Should Women Worry about Osteoporosis?
Should women worry about osteoporosis? Here’s what you need to know
The “silent thief,” more commonly known as osteoporosis, impacts 10 million Americans, with millions more suffering from low bone density. Osteoporosis is a progressive, degenerative disease that occurs when bone loss outpaces the growth of new bone, weakening the bone and increasing the risk of sudden and unexpected fractures. In fact, up to one in four men and one in two women over the age of 50 will break a bone due to osteoporosis. Should women worry about osteoporosis? Here’s what you need to know
Marc Surak, a specially trained pharmacist at the Express Scripts Therapeutic Resource Center who concentrates on women’s health issues, explains what causes osteoporosis and why women are at greater risk.
Osteoporosis is primarily the result of the body breaking down more bone than the amount of new bones being formed, Surak says.
“Being female is the second most significant uncontrollable risk factor for the disease, with age being the first,” says Surak. “In fact, 80 percent of osteoporosis sufferers are women due to their lighter and thinner bone structure. Additionally, following menopause, a woman could lose up to 20 percent of her bone density.”
Surak focuses on helping patients with medication management. Bisphosphonates are among the most commonly used medications to treat osteoporosis. The medication works to restore the body’s balance of bone development by decreasing the action of bad cells (osteoclasts) that cause bones to break down, and increasing the production of good cells (osteoblasts), which build bones.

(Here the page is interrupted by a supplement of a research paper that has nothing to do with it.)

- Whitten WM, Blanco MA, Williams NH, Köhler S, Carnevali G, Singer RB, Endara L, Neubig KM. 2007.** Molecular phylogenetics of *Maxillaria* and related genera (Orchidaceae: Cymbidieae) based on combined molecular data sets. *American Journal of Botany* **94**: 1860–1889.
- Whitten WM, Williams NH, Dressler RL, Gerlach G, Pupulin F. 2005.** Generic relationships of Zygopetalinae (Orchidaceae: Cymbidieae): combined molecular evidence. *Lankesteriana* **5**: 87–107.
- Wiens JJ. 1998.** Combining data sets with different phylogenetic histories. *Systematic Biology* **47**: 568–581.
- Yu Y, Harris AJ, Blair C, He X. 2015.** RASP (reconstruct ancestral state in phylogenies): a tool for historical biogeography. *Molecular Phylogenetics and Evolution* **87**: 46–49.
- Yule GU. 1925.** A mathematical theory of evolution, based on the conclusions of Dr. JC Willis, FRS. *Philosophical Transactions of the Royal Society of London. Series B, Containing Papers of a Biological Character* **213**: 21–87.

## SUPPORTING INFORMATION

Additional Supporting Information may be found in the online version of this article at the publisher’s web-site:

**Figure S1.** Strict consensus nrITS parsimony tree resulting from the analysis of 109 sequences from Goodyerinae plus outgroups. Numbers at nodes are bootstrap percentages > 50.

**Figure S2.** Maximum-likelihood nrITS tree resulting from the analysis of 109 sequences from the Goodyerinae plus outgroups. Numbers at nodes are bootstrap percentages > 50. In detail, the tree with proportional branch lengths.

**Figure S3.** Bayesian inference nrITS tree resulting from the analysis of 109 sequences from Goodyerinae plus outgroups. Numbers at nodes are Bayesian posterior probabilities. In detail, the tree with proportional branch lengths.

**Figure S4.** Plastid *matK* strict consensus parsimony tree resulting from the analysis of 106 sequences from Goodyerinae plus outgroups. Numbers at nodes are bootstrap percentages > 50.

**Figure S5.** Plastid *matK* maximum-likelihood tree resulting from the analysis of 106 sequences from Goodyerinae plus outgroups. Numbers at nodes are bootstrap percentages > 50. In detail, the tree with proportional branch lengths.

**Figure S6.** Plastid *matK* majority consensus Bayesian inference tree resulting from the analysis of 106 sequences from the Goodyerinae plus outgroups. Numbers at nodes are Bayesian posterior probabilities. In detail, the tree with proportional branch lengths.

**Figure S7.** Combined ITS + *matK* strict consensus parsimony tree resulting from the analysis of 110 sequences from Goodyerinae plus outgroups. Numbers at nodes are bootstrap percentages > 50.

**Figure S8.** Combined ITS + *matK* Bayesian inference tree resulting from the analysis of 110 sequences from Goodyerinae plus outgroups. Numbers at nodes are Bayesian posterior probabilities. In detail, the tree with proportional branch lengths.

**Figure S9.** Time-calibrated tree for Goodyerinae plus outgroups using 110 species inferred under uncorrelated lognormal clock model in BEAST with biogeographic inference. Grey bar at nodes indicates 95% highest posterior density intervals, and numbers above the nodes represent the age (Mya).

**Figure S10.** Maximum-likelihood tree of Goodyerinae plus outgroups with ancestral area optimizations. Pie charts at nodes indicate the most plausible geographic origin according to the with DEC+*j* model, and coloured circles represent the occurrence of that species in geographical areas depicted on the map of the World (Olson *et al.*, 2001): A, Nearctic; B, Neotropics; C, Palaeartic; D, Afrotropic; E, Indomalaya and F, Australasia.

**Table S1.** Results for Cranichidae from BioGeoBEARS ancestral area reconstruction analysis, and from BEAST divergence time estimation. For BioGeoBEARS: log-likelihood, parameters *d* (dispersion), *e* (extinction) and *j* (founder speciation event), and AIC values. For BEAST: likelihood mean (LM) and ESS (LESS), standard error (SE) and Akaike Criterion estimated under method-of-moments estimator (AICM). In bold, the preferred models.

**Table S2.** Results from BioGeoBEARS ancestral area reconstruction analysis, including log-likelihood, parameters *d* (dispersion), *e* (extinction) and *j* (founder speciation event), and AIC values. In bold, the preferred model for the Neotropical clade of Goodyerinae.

As with all medications, there are risks. Surak and his team work to help patients manage these risks and gain a better understanding of their medications. He offers the following tips and information to ensure the best possible outcomes for osteoporosis patients.
- Take with water: Bisphosphonates help slow the process that dissolves bone tissue, but they sometimes cause stomach irritation. Because of this, oral forms of the medication should be taken first thing in the morning with a full glass of water. Try to avoid taking food, drink, or other medications for 30 to 60 minutes afterward.
- Know the side-effects: Although rare, bisphosphonates can cause osteonecrosis of the jaw (ONJ). People with compromised immune systems – such as those on chemotherapy or HIV patients – are at the greatest risk for ONJ. Poor oral hygiene and those undergoing invasive dental procedures can also increase the potential for ONJ. As a result, medication should be stopped three months prior to a dental procedure. Talk to your doctor of pharmacist if you have questions about ONJ.
- Keep moving: An active lifestyle, including weight-bearing and muscle-strengthening exercises can help counteract the risks for and slow down the progression of osteoporosis.
- Healthy eating: Follow a healthy, balanced diet that includes eating foods high in calcium, vitamin D and lean protein. Eating fresh fruits, vegetables and low-fat dairy products is also critical for promoting bone health.
- Call your doctor: You know your body best, if something seems wrong reach out to a health care professional. If you’re experiencing new or worsening symptoms contact your doctor immediately.
For more information about osteoporosis, visit Express Scripts’ Health Insights blog at lab.express-scripts.com.
Provided by: BPT
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